Ultimately, summarizing helps to consolidate the therapeutic gains of each session, ensuring that both therapist and client recognize the progress made and the path forward. It is a vital tool for enhancing communication and ensuring that motivational interviewing is as effective as possible.

    Practical Exercises for Mastering Motivational Interviewing

    To effectively master motivational interviewing, practical exercises are invaluable. These exercises help therapists hone their skills, ensuring they are well-prepared to facilitate meaningful change conversations with their clients.

    One fundamental exercise is role-playing, which allows therapists to practice the techniques of motivational interviewing in a controlled, educational setting. By engaging in role-play with peers or mentors, therapists can experiment with different approaches and receive feedback on their use of open questions, reflective listening, and summarizing.

    Another useful exercise involves the use of audio or video recordings of therapy sessions. Reviewing these recordings can provide therapists with insights into their interaction styles and areas for improvement. This self-reflective practice encourages ongoing learning and skill enhancement.

    Therapists can also benefit from peer supervision groups where they can discuss challenges and successes in using motivational interviewing. These groups provide a supportive environment to share strategies and refine techniques based on collective experiences.

    Engaging in reflective writing after practice sessions can further enhance a therapist's proficiency in motivational interviewing. Writing about the experience helps consolidate learning and deepen understanding of how to effectively apply different techniques in various client scenarios.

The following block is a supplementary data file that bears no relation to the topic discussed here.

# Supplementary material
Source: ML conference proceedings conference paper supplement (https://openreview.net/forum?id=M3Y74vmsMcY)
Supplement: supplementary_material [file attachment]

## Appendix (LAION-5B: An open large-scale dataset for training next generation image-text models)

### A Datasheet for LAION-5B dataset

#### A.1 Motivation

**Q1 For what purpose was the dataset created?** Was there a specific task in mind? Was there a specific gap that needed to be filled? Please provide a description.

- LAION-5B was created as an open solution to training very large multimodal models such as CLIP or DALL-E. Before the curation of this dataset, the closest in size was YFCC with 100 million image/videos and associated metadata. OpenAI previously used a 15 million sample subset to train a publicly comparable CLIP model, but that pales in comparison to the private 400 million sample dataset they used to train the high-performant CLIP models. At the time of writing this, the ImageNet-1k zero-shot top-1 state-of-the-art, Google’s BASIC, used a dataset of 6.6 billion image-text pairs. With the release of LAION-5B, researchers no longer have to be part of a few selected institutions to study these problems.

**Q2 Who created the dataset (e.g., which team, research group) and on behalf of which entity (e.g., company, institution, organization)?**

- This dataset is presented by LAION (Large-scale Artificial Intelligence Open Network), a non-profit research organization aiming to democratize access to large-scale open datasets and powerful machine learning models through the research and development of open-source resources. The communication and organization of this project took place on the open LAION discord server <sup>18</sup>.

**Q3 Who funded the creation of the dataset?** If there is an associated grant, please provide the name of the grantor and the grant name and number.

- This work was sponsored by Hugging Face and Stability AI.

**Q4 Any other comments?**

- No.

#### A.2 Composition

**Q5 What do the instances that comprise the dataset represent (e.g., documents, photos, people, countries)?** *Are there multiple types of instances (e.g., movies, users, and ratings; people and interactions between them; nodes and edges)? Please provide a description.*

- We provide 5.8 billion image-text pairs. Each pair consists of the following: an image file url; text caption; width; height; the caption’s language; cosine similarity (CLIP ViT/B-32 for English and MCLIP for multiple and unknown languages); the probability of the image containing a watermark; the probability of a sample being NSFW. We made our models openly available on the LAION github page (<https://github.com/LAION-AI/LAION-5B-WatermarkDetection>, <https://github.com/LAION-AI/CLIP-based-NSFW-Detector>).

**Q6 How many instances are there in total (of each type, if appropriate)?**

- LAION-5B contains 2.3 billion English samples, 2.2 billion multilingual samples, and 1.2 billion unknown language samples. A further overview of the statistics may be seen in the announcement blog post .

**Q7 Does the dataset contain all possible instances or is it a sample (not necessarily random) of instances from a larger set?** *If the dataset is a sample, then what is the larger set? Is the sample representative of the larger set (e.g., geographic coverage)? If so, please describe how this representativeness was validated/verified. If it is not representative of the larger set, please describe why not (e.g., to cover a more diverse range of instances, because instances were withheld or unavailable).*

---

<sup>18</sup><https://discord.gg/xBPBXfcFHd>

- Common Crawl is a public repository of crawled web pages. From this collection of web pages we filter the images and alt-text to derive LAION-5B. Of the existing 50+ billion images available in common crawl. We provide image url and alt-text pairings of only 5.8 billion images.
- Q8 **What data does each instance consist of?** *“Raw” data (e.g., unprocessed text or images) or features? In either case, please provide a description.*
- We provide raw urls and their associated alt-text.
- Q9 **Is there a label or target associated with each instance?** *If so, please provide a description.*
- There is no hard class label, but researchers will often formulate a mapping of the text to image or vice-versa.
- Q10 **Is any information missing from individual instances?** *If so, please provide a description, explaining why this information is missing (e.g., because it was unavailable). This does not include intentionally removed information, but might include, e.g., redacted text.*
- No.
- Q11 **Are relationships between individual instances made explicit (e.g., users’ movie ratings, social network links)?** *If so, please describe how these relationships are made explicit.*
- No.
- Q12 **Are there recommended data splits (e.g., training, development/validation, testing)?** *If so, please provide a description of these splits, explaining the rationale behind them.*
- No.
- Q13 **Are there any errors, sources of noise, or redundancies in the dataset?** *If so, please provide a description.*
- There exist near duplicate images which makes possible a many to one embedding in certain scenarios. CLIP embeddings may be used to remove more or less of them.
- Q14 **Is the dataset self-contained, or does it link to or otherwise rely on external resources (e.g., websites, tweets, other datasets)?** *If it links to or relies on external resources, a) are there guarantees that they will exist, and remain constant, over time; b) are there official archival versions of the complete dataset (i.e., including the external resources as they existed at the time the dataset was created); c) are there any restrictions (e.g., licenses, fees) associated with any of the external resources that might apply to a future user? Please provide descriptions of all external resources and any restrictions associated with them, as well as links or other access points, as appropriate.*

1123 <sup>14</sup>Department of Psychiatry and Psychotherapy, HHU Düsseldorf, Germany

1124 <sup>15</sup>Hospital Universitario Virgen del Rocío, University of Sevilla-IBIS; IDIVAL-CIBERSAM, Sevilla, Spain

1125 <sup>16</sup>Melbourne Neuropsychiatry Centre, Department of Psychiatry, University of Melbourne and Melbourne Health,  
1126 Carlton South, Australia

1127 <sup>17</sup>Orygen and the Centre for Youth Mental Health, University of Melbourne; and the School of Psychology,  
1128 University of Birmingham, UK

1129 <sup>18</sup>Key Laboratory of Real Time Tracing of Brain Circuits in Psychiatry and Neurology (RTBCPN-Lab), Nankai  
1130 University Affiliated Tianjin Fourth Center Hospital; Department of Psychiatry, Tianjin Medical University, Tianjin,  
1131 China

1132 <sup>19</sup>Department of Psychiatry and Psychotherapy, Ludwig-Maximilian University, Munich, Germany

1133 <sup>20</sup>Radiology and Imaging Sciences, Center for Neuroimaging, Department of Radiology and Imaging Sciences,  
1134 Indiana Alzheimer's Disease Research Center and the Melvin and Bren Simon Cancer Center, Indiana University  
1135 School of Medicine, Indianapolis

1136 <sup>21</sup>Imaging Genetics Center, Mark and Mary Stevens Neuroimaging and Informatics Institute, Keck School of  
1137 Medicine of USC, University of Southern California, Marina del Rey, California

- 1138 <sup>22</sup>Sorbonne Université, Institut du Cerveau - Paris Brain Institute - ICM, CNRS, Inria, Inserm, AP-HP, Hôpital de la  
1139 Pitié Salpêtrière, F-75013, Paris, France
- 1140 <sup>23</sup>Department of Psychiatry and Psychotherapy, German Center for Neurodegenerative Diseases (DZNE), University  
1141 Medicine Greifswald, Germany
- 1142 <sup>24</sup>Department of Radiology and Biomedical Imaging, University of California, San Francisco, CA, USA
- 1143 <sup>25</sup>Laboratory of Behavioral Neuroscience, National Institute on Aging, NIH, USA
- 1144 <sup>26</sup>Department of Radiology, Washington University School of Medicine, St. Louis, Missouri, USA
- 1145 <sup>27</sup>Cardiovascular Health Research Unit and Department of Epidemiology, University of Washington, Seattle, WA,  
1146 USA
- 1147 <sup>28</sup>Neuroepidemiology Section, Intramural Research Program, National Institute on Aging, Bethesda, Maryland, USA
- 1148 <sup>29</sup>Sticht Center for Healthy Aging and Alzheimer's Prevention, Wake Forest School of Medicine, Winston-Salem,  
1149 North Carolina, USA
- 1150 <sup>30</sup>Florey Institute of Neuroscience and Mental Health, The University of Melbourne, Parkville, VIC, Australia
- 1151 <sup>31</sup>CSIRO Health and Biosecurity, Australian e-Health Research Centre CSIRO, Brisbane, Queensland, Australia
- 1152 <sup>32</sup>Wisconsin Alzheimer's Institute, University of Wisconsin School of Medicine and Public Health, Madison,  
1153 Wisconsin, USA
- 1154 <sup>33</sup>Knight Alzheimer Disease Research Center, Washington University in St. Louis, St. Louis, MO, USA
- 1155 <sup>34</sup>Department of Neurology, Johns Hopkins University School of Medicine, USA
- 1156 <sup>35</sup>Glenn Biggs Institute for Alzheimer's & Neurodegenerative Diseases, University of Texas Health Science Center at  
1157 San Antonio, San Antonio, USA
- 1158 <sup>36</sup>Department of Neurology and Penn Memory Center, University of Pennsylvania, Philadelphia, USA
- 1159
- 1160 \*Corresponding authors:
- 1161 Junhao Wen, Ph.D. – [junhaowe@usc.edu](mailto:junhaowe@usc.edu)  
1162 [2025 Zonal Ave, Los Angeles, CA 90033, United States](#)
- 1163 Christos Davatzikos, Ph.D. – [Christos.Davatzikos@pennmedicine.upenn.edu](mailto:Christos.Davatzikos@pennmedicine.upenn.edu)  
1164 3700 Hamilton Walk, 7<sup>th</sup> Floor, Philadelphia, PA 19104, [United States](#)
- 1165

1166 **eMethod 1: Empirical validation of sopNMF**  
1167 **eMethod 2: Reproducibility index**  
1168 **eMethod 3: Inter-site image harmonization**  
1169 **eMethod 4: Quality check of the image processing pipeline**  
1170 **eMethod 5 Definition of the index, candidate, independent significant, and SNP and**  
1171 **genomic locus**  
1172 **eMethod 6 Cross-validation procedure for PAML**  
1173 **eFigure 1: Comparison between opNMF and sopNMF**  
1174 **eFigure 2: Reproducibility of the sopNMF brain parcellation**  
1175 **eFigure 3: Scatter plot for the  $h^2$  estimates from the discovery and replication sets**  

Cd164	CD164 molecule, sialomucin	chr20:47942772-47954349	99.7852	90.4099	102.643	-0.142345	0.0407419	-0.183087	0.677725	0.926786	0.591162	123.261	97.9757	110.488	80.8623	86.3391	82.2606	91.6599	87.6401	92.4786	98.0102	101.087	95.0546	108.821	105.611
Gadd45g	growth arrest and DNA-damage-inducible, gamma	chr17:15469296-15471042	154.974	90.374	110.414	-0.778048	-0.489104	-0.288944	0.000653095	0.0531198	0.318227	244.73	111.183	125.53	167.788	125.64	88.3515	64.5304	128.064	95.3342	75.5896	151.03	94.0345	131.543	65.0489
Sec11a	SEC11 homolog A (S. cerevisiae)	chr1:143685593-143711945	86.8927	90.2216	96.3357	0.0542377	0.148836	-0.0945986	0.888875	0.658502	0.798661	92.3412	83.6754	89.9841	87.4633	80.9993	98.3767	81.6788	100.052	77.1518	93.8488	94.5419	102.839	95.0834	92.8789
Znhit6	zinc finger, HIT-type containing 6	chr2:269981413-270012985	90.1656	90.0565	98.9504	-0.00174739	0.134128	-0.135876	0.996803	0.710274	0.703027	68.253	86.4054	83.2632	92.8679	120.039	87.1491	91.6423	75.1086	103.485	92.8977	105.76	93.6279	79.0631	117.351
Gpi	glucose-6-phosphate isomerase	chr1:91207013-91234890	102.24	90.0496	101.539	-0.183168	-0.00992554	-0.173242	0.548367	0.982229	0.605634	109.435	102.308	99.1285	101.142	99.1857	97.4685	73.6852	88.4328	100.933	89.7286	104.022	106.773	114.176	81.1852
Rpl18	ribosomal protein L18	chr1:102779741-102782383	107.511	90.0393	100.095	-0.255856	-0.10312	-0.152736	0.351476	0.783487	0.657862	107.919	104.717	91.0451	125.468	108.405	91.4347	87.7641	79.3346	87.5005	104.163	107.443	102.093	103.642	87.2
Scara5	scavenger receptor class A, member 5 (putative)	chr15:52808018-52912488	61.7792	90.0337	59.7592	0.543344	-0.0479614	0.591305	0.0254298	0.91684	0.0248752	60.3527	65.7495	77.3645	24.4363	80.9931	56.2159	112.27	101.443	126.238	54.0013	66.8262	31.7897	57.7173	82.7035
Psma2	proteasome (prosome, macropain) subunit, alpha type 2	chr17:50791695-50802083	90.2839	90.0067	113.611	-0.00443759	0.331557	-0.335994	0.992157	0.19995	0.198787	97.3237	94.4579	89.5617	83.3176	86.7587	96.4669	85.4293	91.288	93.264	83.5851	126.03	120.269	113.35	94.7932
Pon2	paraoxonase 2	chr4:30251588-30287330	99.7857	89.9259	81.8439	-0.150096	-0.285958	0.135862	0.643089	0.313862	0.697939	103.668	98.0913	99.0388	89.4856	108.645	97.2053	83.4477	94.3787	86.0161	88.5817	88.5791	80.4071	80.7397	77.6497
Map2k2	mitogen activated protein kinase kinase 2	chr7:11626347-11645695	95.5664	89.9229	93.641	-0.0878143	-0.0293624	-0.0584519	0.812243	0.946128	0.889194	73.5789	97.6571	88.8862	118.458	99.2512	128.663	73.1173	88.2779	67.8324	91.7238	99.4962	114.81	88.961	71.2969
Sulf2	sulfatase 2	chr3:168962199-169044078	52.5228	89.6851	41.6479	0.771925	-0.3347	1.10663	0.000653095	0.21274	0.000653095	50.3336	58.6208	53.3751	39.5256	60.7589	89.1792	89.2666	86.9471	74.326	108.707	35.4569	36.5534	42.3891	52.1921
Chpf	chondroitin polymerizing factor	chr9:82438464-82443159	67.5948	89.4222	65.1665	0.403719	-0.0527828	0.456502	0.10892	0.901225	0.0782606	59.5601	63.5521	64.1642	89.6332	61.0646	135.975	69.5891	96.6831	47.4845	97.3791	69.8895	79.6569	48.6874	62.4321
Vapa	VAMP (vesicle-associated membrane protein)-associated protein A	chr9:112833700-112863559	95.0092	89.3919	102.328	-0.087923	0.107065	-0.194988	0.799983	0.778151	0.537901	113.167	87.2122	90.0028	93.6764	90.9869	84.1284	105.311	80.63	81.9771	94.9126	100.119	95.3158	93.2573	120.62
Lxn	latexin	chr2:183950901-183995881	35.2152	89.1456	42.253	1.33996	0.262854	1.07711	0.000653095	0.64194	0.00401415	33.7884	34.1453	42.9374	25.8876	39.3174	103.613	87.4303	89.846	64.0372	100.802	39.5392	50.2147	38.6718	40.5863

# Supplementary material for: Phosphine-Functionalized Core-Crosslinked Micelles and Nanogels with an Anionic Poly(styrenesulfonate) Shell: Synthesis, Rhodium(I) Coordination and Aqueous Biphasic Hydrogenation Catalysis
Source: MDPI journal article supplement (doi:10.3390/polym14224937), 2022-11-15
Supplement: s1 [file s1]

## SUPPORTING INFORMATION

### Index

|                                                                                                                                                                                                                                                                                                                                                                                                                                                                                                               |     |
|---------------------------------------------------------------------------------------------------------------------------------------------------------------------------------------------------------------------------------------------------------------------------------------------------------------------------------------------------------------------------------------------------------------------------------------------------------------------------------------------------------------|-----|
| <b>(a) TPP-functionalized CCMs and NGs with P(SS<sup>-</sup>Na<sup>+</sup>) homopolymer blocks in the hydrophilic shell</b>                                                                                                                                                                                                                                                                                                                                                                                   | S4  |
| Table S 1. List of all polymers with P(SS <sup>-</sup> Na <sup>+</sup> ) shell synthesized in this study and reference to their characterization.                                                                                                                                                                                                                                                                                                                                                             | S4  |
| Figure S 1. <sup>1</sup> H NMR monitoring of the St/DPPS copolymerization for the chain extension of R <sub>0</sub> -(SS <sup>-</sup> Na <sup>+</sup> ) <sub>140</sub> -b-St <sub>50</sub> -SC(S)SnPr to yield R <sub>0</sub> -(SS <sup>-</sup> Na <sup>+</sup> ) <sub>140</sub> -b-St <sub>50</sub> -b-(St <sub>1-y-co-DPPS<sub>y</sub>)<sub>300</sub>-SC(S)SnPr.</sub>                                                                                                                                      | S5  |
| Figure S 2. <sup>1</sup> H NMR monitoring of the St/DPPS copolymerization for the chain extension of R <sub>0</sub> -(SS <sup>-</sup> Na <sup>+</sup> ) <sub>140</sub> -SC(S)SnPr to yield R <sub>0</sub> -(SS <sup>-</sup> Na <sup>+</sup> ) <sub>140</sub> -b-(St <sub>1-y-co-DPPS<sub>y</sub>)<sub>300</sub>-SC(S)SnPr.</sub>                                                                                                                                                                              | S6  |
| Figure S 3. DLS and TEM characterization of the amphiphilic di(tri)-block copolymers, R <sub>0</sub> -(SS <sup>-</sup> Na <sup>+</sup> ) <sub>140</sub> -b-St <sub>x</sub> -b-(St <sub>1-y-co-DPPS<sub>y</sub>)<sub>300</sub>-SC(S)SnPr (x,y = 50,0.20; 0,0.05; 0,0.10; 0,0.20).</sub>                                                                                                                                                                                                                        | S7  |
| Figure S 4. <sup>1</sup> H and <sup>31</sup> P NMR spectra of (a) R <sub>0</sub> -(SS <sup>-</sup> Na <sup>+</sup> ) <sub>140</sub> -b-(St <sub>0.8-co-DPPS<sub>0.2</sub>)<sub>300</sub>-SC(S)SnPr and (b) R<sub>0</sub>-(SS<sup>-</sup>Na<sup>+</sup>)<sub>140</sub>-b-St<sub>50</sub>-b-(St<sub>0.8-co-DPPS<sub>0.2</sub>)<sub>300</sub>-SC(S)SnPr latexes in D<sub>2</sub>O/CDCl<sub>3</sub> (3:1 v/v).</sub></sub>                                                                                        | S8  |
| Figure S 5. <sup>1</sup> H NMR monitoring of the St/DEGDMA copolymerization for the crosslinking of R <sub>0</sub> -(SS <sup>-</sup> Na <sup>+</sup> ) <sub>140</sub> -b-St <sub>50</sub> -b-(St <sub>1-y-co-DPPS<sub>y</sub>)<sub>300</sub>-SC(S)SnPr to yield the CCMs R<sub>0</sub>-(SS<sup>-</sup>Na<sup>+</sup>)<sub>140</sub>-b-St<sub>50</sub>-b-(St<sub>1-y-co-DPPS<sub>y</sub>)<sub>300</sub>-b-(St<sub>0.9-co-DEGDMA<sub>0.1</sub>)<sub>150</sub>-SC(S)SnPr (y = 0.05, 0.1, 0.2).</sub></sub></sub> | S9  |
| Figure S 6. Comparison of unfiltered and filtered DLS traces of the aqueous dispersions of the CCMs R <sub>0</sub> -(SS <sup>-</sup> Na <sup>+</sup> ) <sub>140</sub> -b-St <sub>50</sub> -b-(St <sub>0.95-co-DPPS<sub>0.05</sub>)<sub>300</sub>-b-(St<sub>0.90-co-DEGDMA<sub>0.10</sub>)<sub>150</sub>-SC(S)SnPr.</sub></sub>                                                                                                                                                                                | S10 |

Lastly, attending workshops and training seminars on motivational interviewing provides additional opportunities for learning and professional development. These settings offer comprehensive guidance from experts in the field and update therapists on the latest research and advancements in motivational interviewing techniques.


    As we conclude this exploration of motivational interviewing, it's clear that this approach offers a dynamic and effective way of facilitating change. The steps outlined in this article, from establishing rapport to consolidating commitment, provide a comprehensive roadmap for therapists seeking to enhance their practice and support their clients more effectively.

    Motivational interviewing is not merely a set of techniques; it is a philosophy that emphasizes respect, empathy, and the belief in a client's ability to change. By adopting this client-centered approach, therapists can significantly improve the outcomes of their interactions and help clients achieve their personal goals.

    The practical application of motivational interviewing can be challenging but deeply rewarding. It requires a genuine commitment to understanding and supporting clients through their unique journeys. The nuances of this approach, such as rolling with resistance and evoking change talk, demand a high level of skill and sensitivity.

    For those new to this method, the journey may seem daunting at first. However, with practice and dedication, mastering motivational interviewing becomes not only possible but also a profoundly gratifying aspect of clinical practice.